“I think guys are gathering to really talk about and dive deep into the idea of not playing.”
Prior to the 2014 release of an audio recording of racist comments made by Los Angeles Clippers owner Donald Serling, it was uncommon for Black players in the NBA to publicly discuss racism. The tape, however, changed all that. In the documentary Blackballed, players recounted the difficult choice they faced in deciding whether to not play for the rest of the season—they were on track to make it into the Playoffs. In the end, the players’s statements and unified actions as a team resulted in the forced sale of Donald Serling’s ownership of the team. What a difference in the world six years later.
The NBA is in the process of establishing safety protocols for the upcoming season. For all professionial sports, there is talk of somehow creating an isolation bubble so that players don’t infect each other with COVID-19. In theory, it means limiting player contact to a small “quaranteam” outside of the stadium. The George Floyd protests, however, have seen increased activism by players supporting the Black Lives Matter movement. And that public activism, including involvement in protests, puts them in conflict with maintaining an isolation bubble during the season.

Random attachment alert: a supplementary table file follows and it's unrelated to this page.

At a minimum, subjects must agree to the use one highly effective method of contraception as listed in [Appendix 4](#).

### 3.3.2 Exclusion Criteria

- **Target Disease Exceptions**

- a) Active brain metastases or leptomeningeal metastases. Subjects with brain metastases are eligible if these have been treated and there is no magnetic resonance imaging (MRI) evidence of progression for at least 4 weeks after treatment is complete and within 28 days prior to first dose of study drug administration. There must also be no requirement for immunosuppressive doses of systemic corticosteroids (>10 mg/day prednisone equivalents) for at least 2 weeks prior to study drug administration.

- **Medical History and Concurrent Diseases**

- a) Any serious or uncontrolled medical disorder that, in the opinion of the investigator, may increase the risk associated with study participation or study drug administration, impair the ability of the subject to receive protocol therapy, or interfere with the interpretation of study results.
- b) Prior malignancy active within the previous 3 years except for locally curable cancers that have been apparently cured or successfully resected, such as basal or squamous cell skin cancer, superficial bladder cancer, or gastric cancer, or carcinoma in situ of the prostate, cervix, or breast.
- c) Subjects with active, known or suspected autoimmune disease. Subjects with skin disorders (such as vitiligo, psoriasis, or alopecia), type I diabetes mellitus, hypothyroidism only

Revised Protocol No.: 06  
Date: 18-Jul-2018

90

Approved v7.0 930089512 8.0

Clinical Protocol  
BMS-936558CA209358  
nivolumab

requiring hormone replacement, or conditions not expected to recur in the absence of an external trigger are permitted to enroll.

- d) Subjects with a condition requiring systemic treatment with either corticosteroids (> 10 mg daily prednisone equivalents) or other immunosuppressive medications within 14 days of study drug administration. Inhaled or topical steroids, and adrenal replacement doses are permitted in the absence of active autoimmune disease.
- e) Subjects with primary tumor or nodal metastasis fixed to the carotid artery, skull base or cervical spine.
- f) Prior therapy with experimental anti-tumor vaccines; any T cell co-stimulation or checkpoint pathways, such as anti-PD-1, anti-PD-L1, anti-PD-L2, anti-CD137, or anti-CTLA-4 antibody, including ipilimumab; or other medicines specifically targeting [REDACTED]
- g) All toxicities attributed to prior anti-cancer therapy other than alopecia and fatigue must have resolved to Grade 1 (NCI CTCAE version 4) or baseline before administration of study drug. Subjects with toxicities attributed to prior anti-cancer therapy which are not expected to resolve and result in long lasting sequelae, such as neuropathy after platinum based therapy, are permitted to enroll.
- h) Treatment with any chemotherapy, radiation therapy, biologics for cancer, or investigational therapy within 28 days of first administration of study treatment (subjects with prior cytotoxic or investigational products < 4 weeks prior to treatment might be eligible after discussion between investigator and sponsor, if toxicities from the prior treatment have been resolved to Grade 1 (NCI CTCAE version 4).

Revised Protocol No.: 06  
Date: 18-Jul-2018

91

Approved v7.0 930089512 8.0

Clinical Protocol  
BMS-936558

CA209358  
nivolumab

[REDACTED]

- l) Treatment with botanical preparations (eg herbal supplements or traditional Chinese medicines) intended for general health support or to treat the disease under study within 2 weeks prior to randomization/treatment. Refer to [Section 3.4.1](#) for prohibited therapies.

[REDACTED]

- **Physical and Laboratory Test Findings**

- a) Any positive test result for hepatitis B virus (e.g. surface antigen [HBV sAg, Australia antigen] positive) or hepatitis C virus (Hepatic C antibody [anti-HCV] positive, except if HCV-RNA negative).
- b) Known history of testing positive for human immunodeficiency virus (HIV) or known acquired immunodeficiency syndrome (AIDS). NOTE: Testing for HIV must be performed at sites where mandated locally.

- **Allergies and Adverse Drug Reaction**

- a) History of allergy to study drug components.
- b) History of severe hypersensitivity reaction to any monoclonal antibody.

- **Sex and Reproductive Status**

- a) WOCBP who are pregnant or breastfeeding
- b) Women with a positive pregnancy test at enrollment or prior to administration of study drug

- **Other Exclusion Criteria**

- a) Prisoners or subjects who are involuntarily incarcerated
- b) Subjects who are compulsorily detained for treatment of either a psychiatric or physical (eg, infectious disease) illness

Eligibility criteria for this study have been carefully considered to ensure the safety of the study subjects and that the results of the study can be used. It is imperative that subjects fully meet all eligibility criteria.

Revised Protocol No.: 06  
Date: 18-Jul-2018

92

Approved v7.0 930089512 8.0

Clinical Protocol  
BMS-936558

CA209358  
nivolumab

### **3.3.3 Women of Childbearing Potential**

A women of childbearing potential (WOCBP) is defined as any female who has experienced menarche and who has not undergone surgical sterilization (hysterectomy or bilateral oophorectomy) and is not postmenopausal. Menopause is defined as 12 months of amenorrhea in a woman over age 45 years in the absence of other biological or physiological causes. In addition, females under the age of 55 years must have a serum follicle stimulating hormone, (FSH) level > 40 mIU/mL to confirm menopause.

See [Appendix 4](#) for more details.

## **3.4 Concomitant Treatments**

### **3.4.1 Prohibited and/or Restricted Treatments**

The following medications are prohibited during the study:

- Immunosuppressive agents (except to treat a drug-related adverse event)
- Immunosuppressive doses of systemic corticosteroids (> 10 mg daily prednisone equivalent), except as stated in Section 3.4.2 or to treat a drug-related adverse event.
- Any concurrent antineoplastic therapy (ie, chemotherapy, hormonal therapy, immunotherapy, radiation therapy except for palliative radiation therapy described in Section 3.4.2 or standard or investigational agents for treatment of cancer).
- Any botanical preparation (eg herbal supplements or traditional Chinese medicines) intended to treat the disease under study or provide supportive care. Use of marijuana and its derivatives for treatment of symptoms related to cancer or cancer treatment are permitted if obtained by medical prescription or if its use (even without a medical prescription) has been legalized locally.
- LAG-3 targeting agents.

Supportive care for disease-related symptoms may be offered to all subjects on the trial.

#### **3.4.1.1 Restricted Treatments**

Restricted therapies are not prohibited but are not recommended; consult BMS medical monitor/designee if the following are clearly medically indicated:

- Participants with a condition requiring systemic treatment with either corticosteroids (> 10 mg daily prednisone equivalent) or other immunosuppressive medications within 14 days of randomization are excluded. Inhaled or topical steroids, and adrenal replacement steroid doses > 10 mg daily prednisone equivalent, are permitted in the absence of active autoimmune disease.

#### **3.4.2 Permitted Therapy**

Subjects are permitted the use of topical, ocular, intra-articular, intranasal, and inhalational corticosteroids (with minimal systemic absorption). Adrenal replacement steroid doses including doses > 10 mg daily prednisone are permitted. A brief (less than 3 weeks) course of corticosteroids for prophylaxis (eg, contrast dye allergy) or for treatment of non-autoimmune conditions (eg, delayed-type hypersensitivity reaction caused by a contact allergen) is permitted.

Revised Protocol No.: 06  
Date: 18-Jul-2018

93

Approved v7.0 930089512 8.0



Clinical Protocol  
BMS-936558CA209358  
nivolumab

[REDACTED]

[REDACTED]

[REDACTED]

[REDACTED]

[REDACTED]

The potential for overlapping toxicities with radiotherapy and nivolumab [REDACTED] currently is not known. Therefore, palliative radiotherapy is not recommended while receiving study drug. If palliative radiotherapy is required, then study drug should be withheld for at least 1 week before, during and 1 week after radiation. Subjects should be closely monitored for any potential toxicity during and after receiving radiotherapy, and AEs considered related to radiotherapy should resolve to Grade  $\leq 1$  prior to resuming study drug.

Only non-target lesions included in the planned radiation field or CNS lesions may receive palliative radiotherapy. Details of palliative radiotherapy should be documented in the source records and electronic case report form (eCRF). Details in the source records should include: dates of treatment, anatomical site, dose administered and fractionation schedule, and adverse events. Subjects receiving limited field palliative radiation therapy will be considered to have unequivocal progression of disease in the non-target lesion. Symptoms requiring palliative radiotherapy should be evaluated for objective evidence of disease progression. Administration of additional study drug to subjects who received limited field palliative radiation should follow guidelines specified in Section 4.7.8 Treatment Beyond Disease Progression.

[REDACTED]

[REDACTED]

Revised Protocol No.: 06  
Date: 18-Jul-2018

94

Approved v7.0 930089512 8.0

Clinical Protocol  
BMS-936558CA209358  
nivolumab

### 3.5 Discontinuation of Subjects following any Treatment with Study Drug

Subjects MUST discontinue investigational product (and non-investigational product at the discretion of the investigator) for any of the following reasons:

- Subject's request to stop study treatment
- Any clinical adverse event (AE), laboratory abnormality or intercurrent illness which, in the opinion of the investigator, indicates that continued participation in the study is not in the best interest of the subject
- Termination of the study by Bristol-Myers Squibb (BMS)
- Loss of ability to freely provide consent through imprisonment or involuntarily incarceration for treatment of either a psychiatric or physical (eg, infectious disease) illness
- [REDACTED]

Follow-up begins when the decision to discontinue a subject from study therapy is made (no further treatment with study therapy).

It opens up the question of whether players in other sports, such as the MLB whose season starts possibly maybe “it’s anyone’s guess” in mid-July, will also call for postponing their seasons.